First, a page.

Short fiction by Alexandra Grunberg.
“I spy, with my little eye, something gray.”
“The deli counter.”
“It’s purple, and no.”
“Excuse me, it’s silver, no.”
“Are you even trying?”
Anya giggled. Grandpa sat sleeping in front of the soft serve machine, his mustache blowing back and forth with each snore.
Katerina flipped through her Seventeen Magazine, a swimsuit issue. The girls in their bathing suits smiled, their bright suits mirroring the tropic backdrops, their faces glowing with real tans and shimmering make up. They smiled with bright pink lips and covered giggles with aqua nails. These imaginary girls were spending their short break with friends, partying and having fun, no consequences or responsibilities.
It was hard for Katerina to believe that somewhere people were enjoying summer, instead of being cooped up in an air-conditioned deli all day. She sat on the counter by the register, which would have been forbidden if Grandpa were awake, between a stack of magazines and a display of postcards. They depicted rural snowy scenes, appropriate for the temperature inside the store, but an odd choice for summertime. Anya stood behind the deli counter, playing with her necklace, sliding the small cross back and forth on its chain. Katerina admitted to herself that her sister’s sweater was more of a pewter color than a grey, but it was an awfully dull pewter, faded due to the fact that she slept in it every night over her pajamas. Katerina would remember thinking that their wardrobes needed more color, not knowing that the nighttime would bring a spatter of red to Anya’s faded sweater.
“Is it your sneakers?”
“Is it the light fixture?”
“Did you really just say ‘light fixture?’ No, not even close.”
“Seriously, is it even in this room?”
“Of course it is. But if you can’t figure it out, just say so.”
The girls stared out of the windows. They were dusty, but the sun still shone through, promising warmth that was present just outside the door. But, even though there were no customers, both Anya and Katerina knew they would pay if they set foot outside the store during open hours.
During the school year they were kept shut up in a private girls school, hidden under knee-length wool skirts and buttoned shirts. After school they went straight to piano lessons for Anya and violin for Katerina, then rushed back home so they could study. During the summer, they were kept locked in the store all day, six days a week, wrapped in sweaters and scarves to protect against the chill of the air-conditioner. Sunday was for church, prayer, and family.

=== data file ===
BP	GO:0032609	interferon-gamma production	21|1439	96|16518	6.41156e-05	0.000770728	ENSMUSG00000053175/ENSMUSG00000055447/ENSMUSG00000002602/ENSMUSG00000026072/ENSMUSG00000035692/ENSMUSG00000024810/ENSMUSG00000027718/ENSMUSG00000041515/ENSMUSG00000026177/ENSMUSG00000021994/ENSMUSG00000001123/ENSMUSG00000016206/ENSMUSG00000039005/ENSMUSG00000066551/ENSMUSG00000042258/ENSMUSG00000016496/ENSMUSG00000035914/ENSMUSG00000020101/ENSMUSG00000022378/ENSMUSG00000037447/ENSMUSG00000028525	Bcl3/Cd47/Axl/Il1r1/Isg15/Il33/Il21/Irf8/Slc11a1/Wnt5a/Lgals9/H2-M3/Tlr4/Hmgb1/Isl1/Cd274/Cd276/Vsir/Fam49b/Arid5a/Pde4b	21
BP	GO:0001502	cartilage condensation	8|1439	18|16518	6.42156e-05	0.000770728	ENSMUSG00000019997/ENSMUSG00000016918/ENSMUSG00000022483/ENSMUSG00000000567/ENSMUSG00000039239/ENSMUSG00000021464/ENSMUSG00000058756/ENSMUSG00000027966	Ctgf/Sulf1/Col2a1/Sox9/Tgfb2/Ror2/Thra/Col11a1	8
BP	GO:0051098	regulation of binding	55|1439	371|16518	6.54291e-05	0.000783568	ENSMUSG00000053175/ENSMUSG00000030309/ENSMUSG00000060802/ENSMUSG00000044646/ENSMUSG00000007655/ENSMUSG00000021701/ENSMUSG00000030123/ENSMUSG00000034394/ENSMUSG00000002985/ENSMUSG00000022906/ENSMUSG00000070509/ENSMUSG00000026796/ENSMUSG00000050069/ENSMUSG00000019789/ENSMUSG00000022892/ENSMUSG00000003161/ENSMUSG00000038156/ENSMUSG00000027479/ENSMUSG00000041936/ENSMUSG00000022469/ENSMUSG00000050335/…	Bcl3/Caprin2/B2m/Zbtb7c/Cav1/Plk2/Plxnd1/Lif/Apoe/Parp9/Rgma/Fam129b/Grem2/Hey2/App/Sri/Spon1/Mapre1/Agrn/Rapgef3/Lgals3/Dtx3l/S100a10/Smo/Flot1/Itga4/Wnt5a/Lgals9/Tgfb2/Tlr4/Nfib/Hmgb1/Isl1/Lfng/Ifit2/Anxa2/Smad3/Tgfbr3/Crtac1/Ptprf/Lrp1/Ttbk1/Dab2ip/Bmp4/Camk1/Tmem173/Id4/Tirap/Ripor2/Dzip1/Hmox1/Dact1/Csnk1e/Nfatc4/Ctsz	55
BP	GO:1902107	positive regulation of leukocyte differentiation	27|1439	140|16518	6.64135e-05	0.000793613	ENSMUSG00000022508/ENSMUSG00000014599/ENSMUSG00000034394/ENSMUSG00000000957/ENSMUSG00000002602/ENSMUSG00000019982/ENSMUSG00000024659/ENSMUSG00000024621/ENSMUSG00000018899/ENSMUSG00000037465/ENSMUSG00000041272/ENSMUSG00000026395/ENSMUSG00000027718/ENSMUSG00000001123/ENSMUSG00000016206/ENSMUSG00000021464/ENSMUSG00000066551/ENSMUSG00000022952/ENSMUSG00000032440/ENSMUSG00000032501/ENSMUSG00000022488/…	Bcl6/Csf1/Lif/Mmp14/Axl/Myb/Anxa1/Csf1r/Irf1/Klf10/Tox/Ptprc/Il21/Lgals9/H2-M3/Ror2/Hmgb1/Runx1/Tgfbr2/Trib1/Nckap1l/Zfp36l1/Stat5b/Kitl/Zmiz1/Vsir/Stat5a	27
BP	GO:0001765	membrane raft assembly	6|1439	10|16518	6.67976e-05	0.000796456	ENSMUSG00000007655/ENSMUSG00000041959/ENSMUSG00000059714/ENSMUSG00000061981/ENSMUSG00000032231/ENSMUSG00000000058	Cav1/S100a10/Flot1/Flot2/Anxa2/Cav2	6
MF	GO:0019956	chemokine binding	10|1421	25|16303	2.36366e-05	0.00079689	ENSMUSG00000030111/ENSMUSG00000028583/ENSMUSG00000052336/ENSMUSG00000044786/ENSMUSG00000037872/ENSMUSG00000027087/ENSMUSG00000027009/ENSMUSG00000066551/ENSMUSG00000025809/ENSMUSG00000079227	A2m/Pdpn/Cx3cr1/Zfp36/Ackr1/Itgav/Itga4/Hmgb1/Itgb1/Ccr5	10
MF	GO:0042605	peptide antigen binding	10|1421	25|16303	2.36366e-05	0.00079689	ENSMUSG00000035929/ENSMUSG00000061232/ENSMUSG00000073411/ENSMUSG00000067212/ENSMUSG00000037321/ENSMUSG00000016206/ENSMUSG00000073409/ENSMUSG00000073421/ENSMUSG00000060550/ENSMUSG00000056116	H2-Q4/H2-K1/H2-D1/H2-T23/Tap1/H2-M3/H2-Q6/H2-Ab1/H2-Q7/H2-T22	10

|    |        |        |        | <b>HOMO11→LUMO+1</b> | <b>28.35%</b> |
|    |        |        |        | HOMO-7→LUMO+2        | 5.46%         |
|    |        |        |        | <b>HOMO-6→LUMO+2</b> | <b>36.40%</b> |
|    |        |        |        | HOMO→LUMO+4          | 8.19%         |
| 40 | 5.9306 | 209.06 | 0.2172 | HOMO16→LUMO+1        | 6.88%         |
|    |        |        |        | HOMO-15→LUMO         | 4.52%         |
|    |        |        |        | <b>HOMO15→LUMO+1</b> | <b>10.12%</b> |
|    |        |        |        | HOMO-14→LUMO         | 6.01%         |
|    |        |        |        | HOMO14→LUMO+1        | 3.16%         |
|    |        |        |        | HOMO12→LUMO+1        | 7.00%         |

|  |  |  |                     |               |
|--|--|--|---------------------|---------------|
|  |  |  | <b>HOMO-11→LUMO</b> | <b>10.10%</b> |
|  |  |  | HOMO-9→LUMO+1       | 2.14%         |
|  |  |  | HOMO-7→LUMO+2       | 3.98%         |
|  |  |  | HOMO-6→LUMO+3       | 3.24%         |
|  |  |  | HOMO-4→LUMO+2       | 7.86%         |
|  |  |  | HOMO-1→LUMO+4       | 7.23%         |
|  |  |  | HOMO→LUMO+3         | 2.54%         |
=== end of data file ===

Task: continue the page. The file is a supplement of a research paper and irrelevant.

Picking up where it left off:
Anya dismissed their rigid lifestyle as the result of an overly protective Grandpa. Everything he did was out of love for them, and since he was taking care of them, they had no reason to complain. It would be worse, infinitely worse, to have family that did not even try to take care of you, who did nothing to protect you. And many of their friends had parents who were just as strict. Anya assumed that if their parents immigrated too, they would support the structured environment.
But Katerina knew that Grandpa did not act out of love. He was afraid.
Since she was little, she saw the fear in every little gesture, every rule, every act of discipline. It was in his eyes when they walked outside, in his hands as he clutched them close whenever an unfamiliar man walked by. It was sewn into the layers of overcoats. And it radiated from every religious symbol hung in their house and around their necks. Throughout elementary school, Katerina could never understand the hope some people saw in a crucifix, when all she saw was fear. That night she would see that true fear resided in the image of an upside-down crucifix, distorted by a figure that knew she only faked sleep and mocked her guilt.
When she was a child, she was sure that Grandpa was afraid of monsters. She was afraid of them herself. According to Grandpa, they waited in graveyards as spirits, ready to inhabit a new, unwilling body. They came as a mist at night and took the form of a lovely horse or beautiful fairy that would snatch up children and drown them in the nearest lake. They slept in basements and attics, awakening at the stroke of midnight to feed on those who forgot to say their bedtime prayers. Katerina remembered lying awake at night, every squeak in the ceiling, every branch scraping against the window, each whisper and howl of the wind a new monster ready to sneak inside if she closed her eyes. She forgave Grandpa for his watchful eyes, his strict bedtime, and his lists of rules because she too was afraid of the creatures of folklore. But as she grew up, she realized Grandpa was not afraid of monsters. He was afraid of men.
If life was strict for Katerina and Anya when they were children, it was worse when they were teens. Even the slightest bit of attention from a boy was worthy of grounding, extra chores, and a tighter leash. If a man eyed Anya on the street, it was her fault for putting impure ideas in his head. If a boy called Katerina after school, even just for help with homework, it was her fault for leading him on. If they were put in a group with boys for a project at school, it was their fault for letting the teacher believe they would enjoy a boy’s attention, for giving off the impression that they were no better than the whores Grandpa saw parading around the school in lipstick and heels. He tried to hide them under frumpy, dull clothes, and keep them locked up at home. But no matter how hard he tried, he could not hide the fact that both Katerina and Anya, even at fourteen and sixteen, were extraordinarily beautiful. And he was afraid.